Moreover, the disputed facts must be those that might affect the outcome of the suit to properly preclude summary judgment. Tolle v. Carroll Touch, Inc., 23 F.3d 174, 178 (7th Cir. 1994). A dispute about a material fact is "genuine" only if the evidence is such that a reasonable jury could return a verdict for the non-moving party. Anderson v. Liberty Lobby, Inc., 477 U.S. 242, 248, 91 L. Ed. 2d 202, 106 S. Ct. 2505 (1986). Therefore, the non-moving party is required to go beyond the pleadings with affidavits, depositions, answers to interrogatories, and admissions on file to designate specific facts showing a genuine issue for trial. Bank Leumi Le-Israel, B.M. v. Lee, 928 F.2d 232, 236 (7th Cir. 1991).
A. ADEA Claim
Sakellarion has not put forward any direct evidence of discrimination and is, therefore, proceeding under the indirect method of proof outlined in McDonnell Douglas Corp. v. Green, 411 U.S. 792, 36 L. Ed. 2d 668, 93 S. Ct. 1817 (1972). Under the burden shifting method of McDonnell Douglas, the plaintiff must present evidence (1) that she was a member of the protected class, (2) she was meeting her employer's legitimate expectations with regards to her job performance, (3) her employment was terminated, and (4) her employer sought a replacement for her. Anderson v. Baxter Healthcare Corp., 13 F.3d 1120, 1122 (7th Cir. 1994).
Once the plaintiff establishes a prima facie case as delineated above, the burden shifts to the employer to articulate a legitimate reason for the employee's discharge. Id. If the employer is able to so articulate its reason for firing the employee, the burden shifts back to the employee to demonstrate that the employer's proffered reason is a pretext for age discrimination. Id. To meet this burden, the plaintiff may either present evidence that a discriminatory reason more likely motivated the employer, or that the purported explanation is unworthy of credence. Texas Dept. of Community Affairs v. Burdine, 450 U.S. 248, 67 L. Ed. 2d 207, 101 S. Ct. 1089 (1981).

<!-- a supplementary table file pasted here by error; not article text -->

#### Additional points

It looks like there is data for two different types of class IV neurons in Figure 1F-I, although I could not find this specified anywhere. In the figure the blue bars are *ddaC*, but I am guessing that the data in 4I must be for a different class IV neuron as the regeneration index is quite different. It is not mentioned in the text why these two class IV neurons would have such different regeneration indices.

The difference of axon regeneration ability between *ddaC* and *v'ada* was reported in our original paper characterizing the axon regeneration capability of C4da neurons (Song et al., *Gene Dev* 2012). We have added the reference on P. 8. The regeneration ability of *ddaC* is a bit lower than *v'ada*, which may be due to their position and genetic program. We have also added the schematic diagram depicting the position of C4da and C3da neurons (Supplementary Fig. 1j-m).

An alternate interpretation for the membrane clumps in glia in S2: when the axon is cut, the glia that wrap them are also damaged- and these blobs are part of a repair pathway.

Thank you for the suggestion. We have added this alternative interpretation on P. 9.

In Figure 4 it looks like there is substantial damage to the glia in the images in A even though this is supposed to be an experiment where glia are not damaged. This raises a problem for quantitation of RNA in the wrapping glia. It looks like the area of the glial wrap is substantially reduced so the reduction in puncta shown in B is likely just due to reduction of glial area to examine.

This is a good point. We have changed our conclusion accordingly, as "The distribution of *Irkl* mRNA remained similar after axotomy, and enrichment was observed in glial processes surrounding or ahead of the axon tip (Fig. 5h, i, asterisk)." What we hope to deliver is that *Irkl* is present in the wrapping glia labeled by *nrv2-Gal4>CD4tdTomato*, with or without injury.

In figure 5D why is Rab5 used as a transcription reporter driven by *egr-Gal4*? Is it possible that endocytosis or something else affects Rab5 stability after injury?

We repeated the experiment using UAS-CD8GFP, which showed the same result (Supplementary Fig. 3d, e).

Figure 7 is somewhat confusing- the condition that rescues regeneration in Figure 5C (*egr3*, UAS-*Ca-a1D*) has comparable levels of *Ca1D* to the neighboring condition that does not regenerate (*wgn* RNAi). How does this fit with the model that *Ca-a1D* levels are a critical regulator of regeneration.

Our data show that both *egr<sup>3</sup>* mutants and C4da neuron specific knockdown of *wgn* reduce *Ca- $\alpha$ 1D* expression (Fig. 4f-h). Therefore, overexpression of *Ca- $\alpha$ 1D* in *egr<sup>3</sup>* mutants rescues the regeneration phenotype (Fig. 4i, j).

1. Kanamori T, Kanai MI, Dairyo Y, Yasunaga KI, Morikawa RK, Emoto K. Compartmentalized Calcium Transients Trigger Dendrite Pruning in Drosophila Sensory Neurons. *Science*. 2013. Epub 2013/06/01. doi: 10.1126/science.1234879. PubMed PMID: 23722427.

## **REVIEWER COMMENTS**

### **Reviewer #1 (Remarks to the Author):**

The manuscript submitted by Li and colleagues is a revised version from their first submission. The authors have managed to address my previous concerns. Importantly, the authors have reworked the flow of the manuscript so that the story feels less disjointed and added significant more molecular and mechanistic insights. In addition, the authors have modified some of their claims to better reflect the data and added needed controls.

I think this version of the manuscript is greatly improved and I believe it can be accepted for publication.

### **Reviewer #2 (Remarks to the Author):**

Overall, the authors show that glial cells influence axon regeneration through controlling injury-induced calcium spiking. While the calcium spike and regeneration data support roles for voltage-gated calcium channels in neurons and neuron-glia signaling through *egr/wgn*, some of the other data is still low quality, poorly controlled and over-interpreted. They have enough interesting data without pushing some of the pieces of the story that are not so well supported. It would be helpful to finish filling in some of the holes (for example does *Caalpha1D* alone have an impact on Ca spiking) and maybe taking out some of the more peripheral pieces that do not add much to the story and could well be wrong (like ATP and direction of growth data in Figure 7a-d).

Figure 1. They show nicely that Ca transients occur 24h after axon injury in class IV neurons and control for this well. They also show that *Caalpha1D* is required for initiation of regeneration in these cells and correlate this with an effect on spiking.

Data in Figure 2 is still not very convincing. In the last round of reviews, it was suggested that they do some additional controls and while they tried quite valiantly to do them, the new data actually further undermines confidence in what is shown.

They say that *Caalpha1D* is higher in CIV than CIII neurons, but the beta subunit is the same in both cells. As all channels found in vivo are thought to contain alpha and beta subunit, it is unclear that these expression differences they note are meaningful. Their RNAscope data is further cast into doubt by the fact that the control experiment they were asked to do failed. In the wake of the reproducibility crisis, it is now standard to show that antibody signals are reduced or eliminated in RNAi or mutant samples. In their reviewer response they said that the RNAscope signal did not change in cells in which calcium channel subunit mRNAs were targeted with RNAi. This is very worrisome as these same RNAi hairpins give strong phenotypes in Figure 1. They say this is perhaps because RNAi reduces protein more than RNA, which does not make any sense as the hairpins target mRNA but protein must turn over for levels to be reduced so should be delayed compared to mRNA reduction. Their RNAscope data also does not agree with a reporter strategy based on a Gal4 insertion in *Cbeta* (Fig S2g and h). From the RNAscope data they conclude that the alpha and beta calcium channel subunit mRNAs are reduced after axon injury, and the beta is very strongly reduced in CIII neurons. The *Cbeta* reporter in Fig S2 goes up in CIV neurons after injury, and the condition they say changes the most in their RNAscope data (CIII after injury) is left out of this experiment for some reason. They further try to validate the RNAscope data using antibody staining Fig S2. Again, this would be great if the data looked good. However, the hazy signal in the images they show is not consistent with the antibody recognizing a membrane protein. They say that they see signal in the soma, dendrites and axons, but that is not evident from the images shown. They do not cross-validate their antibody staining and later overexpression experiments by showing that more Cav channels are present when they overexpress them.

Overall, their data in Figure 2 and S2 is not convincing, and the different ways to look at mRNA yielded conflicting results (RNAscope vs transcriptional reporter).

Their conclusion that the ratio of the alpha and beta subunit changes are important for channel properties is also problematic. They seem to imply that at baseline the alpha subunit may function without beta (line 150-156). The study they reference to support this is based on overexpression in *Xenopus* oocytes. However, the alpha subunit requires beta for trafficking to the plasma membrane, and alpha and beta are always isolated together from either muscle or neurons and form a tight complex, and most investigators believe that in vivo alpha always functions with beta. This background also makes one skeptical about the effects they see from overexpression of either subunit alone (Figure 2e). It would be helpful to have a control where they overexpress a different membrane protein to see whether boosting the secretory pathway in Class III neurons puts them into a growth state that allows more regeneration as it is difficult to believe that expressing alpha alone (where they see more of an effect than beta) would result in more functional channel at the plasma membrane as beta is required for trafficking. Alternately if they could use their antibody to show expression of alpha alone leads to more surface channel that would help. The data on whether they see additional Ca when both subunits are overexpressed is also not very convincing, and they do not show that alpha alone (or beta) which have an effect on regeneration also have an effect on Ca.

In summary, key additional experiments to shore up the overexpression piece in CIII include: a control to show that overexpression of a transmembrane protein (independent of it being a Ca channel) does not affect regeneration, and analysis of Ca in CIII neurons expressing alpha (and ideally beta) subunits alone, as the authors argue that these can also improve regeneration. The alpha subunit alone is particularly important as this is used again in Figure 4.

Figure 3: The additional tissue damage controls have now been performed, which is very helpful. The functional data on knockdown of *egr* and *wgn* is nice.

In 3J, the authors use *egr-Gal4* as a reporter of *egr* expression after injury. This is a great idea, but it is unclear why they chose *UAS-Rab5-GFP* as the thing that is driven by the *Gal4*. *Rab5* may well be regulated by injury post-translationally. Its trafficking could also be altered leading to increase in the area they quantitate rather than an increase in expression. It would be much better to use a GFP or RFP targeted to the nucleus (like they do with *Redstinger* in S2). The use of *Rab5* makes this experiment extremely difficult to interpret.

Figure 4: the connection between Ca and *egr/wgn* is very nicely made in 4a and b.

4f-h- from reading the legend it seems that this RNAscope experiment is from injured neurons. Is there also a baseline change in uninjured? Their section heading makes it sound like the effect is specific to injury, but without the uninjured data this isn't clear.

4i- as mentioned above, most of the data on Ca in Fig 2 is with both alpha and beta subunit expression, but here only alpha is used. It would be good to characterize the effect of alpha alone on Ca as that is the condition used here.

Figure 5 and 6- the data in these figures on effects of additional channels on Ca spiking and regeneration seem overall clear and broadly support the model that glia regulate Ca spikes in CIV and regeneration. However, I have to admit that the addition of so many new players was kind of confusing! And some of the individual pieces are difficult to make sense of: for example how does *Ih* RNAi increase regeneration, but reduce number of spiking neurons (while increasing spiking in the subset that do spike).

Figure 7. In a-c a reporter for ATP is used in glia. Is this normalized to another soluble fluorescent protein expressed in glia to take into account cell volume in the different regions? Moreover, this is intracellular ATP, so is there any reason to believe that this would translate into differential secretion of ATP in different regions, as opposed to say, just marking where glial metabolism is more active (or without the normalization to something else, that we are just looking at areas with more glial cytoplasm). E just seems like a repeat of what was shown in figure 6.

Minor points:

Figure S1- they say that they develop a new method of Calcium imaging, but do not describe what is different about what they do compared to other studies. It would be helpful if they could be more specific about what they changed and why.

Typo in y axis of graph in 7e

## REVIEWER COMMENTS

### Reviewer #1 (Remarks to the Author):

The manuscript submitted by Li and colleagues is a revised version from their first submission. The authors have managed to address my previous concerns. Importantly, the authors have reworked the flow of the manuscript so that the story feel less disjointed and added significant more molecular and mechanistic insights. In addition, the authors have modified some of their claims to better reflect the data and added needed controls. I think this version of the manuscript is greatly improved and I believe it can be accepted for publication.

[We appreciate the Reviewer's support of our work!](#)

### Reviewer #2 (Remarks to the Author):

Sakellarion has failed to establish a prima facie case of discrimination in two respects: (1) she has not presented evidence that she was living up to Judge & Dolph's legitimate expectations; and (2) she has not presented evidence that Judge & Dolph sought a replacement for her after she was terminated. Furthermore, even had she been able to establish a prima facie case, Defendants have articulated legitimate reasons for her discharge, and she has not presented any evidence indicating that those reasons are not worthy of credence.